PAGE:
Scott Morrison backs robo-advisers to cheap superannuation advice to retirees
Treasurer Scott Morrison has endorsed “robo-advisers” offering cheap automated superannuation advice as the next step in Australia’s financial industry, and urged consumers to overcome their privacy fears about business and governments sharing personal data.
As the Turnbull government continues to battle controversy over Centrelink’s “robo-debt” letters, Mr Morrison has been spruiking to his international counterparts the commercial and economic opportunities of automated services and sharing consumers’ data.
“One of the prime examples is robo-advice, which has the potential to offer financial advice to a wider cross‑section of the community,” Mr Morrison told at a G20 conference in Germany. “In Australia, businesses are beginning to integrate robo-advice into the retirement savings system to help people engage and prepare more fully for retirement.”
Mr Morrison plans to encourage more robo-adviser start-ups in Australia by giving them greater scope to test their services in the market without facing the costs of regulatory licensing.
The government is considering major changes to Australia’s 500 privacy and secrecy laws which could allow businesses and government to capitalise on the “enormous untapped potential of Australia’s data” by giving customers more control over their personal information and giving greater access to “anonymous government-held data”.
His government was “keenly aware” of the financial opportunities of data-sharing, Mr Morrison said in his clearest response to date to the Productivity Commission’s proposed liberation of government and consumer data.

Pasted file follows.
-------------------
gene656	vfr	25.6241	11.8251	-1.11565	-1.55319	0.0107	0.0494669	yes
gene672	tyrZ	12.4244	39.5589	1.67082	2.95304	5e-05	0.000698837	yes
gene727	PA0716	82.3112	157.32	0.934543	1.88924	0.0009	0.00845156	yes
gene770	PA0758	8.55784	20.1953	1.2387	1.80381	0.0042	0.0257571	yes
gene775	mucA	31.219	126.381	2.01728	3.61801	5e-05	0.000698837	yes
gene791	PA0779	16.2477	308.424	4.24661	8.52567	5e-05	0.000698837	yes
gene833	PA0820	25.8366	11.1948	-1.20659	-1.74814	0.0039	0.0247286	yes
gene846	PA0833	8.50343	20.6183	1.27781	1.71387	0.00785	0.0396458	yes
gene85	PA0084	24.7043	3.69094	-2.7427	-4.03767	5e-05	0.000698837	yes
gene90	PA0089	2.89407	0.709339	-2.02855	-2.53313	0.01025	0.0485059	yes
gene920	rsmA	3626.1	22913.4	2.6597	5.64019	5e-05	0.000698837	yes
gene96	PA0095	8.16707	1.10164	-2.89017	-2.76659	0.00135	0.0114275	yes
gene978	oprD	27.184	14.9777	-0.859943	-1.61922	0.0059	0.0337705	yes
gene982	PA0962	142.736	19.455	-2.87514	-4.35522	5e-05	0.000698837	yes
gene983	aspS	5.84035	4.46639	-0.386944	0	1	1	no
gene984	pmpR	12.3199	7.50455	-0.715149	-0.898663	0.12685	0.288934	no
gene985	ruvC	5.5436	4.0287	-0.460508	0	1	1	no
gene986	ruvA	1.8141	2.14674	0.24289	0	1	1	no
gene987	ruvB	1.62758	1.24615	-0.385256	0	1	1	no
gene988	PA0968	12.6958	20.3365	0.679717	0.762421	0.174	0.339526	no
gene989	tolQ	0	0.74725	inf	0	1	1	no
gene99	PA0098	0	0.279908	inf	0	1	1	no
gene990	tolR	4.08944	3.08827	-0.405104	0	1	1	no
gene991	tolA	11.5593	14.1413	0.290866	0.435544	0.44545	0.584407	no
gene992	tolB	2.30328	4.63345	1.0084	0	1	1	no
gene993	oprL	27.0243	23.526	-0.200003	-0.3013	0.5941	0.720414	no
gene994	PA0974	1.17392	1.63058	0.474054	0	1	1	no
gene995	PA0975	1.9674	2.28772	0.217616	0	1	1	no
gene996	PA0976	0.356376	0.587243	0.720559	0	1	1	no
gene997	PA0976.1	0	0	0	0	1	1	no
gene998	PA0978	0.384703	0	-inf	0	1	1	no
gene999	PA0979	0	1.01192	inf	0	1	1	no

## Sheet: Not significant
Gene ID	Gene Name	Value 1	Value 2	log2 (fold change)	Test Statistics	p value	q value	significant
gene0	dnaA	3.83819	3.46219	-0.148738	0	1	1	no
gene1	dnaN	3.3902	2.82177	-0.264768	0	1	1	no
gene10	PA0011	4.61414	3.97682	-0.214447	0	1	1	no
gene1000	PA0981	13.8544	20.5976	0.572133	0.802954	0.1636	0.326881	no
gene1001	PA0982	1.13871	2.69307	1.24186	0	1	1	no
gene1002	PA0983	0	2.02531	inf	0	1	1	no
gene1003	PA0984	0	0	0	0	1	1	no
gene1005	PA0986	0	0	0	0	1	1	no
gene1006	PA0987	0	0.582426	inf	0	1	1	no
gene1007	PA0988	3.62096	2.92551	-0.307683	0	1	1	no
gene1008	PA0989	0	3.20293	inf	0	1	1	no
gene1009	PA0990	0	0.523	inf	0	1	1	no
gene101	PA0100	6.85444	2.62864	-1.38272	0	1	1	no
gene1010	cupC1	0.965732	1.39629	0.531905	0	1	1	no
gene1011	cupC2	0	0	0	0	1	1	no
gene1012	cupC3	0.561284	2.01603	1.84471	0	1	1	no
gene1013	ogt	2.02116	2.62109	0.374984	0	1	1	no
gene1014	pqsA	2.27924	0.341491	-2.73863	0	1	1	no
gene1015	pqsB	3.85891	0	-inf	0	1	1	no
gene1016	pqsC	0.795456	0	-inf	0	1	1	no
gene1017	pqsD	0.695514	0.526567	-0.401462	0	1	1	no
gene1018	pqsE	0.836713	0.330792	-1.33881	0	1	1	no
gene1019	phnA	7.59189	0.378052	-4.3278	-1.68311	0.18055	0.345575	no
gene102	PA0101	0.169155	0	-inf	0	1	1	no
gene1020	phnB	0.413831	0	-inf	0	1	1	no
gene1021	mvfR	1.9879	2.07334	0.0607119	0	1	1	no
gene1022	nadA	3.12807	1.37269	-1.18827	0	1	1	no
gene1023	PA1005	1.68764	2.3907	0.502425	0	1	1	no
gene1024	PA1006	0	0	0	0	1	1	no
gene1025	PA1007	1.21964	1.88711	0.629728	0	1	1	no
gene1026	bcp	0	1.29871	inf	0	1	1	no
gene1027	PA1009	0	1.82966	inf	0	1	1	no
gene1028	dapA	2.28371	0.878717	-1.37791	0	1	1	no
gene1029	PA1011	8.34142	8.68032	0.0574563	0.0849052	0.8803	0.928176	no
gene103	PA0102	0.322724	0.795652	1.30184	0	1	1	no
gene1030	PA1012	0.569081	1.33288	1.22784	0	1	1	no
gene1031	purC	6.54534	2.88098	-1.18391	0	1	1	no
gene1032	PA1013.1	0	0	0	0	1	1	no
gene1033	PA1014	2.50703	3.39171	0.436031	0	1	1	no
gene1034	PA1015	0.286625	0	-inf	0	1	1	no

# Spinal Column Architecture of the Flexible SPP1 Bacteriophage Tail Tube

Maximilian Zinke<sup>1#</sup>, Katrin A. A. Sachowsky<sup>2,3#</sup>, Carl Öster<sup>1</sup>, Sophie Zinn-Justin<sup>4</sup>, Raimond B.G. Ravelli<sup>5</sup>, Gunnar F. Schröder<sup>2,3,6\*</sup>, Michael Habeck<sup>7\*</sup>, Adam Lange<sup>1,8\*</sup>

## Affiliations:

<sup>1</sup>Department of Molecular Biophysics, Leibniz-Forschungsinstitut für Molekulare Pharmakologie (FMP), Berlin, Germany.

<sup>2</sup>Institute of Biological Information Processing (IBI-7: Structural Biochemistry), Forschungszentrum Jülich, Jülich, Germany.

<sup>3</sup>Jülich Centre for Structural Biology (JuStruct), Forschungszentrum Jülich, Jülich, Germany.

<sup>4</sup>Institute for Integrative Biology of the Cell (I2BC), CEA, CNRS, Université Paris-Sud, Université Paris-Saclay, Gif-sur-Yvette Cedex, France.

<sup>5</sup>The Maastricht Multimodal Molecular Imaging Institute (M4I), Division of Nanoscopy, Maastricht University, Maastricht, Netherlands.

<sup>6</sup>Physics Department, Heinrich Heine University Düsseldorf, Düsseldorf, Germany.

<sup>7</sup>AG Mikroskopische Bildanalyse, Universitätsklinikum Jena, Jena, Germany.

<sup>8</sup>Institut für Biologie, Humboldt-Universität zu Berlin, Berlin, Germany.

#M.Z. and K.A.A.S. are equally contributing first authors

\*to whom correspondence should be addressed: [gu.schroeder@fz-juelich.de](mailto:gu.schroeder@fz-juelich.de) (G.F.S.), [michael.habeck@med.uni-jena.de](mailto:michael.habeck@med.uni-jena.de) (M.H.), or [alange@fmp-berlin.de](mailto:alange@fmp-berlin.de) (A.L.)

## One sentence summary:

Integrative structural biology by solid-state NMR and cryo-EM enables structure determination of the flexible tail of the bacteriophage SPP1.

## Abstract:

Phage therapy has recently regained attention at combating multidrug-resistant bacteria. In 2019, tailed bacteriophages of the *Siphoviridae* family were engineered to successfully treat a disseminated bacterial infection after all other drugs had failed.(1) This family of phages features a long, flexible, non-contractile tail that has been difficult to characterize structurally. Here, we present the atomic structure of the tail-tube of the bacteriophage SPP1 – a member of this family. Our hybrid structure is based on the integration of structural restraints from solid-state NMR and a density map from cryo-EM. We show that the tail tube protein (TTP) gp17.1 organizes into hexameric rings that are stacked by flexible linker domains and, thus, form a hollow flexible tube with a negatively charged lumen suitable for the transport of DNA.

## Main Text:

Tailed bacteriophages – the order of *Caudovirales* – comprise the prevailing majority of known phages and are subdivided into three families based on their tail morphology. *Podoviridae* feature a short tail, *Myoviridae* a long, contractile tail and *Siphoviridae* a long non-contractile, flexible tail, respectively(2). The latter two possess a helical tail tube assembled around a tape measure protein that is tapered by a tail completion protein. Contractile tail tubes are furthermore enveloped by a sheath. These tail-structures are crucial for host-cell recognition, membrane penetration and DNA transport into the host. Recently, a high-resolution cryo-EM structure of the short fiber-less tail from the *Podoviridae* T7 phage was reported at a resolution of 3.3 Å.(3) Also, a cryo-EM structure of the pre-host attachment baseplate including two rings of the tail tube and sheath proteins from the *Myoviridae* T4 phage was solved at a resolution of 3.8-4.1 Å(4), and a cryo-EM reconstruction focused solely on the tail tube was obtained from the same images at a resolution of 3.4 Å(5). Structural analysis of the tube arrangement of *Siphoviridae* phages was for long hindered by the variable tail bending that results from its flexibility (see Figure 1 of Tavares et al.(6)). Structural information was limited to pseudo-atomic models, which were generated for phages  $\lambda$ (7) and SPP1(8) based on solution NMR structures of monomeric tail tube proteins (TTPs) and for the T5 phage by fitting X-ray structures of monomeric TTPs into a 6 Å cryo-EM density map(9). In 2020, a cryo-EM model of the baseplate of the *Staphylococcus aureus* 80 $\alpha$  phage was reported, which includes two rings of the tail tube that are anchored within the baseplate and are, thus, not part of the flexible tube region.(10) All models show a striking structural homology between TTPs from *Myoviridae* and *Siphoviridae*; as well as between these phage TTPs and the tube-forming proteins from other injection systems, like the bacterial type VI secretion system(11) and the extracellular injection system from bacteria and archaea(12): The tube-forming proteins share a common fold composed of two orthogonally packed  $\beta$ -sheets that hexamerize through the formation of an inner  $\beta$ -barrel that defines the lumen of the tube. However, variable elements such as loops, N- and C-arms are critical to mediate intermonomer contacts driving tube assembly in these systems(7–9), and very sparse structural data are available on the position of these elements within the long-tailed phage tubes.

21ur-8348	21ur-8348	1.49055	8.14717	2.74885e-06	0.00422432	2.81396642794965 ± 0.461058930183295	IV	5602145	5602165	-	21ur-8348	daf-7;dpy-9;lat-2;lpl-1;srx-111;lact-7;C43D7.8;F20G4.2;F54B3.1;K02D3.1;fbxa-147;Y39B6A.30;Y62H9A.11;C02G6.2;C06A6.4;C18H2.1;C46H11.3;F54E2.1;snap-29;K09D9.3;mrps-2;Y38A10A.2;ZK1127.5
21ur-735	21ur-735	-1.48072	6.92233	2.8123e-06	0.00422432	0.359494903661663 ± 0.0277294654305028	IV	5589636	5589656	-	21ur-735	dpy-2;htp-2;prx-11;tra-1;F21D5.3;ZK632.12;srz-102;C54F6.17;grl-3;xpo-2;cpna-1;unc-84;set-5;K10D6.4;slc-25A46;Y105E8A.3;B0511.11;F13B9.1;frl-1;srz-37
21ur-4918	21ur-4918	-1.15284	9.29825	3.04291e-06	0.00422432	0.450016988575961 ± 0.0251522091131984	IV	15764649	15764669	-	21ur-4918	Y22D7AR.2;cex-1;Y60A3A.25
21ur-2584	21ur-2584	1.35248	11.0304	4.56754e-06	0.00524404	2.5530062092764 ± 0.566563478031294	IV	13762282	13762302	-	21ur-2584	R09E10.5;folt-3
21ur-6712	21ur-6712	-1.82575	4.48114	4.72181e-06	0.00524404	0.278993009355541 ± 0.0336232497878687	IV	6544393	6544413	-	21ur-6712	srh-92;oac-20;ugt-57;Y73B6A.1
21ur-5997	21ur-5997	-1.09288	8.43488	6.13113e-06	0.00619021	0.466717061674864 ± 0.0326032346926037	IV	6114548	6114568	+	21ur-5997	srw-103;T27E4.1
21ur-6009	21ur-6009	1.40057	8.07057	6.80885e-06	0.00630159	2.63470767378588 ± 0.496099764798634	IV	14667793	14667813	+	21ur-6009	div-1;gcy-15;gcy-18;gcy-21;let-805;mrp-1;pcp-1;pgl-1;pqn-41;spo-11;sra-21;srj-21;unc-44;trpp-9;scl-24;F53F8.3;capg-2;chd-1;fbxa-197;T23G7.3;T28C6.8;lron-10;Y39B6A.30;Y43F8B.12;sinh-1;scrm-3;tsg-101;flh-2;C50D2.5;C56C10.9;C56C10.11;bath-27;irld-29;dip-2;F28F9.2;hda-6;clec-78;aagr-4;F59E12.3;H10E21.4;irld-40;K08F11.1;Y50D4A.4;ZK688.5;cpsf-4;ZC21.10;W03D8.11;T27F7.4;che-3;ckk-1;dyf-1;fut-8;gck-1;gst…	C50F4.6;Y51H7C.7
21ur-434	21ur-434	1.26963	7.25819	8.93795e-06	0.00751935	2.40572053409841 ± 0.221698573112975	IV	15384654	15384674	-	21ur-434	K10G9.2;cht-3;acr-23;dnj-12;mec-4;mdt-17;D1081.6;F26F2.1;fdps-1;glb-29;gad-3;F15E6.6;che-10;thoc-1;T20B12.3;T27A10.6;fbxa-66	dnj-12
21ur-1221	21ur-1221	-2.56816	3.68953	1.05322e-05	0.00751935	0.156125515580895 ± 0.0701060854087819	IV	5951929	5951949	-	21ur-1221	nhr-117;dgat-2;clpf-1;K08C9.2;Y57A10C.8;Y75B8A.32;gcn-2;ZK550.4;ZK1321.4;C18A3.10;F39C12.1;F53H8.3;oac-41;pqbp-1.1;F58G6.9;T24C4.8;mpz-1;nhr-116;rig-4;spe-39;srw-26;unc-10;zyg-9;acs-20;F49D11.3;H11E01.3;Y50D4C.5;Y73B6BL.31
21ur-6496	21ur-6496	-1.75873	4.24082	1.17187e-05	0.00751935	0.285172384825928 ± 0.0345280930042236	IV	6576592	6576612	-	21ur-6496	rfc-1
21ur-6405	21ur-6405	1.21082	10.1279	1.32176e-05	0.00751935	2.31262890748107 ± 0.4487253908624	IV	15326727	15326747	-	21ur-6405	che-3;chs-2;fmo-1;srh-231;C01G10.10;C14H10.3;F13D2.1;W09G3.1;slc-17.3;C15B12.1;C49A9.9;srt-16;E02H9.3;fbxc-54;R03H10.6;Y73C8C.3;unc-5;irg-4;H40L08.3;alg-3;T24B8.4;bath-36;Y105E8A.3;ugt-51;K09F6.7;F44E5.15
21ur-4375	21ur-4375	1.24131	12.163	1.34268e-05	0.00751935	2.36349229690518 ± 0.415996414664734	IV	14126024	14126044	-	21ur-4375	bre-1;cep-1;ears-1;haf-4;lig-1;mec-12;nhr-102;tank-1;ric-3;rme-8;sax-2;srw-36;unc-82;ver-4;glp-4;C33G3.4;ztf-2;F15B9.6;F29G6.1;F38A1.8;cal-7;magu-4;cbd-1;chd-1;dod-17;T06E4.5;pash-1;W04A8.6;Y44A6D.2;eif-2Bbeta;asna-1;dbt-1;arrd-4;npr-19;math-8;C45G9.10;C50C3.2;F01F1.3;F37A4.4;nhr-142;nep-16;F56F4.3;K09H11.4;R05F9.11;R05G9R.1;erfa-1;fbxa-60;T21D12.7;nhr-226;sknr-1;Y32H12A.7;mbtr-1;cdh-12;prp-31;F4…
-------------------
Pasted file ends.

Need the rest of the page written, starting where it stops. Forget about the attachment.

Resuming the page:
The Productivity Commission, which will deliver its final recommendations to government in March, has been inundated with feedback from businesses, agencies and individuals about the future use of consumers’ data, receiving almost 350 formal submissions to its inquiry.
Mr Morrison said while concerns about consumers’ privacy were “understandable”, it was important that “new technologies do not become a victim of fear”.
“Yes, there are undeniable risks in enabling data to become more widely available. But the risk of harm needs to be assessed based on the likelihood and the scale of potential damage,” he said.
“After that happens, risk assessment and mitigation processes should be put in place for the release and sharing of data, as well as collection and storage.”
It has been five months since the Australian Securities and Investment Commission released its formal regulation on digital advice and already six robo-adviser businesses have entered the market, with expectations the number will more than double by the end of 2017.
However, the market regulator warns consumers that while robo-advice can be a cheaper option, it does not take into account a person’s goals and objectives or let the customer ask questions about the advice. Robo-advice is automated financial advice based on algorithms generated from information provided by the consumer instead of human financial advisers.
“The government is continuing to monitor the rules supporting new and innovative FinTech providers, such as robo-advisers, and the Treasurer has flagged an intention to develop an extended legislative regulatory Sandbox to provide further support in allowing such businesses to get up and running,” a spokesman for Mr Morrison said.
In Australia, robo-advisers do not have access to government-held individuals’ data like Centrelink payments so do not take into account the impact of investment decisions on tax planning or Centrelink payments.
Local robo-advisers include Stockspot, Ignition Direct, Quietgrowth, Acorns, SixPark and Clover, according to sharemarket trading website EFT Watch.
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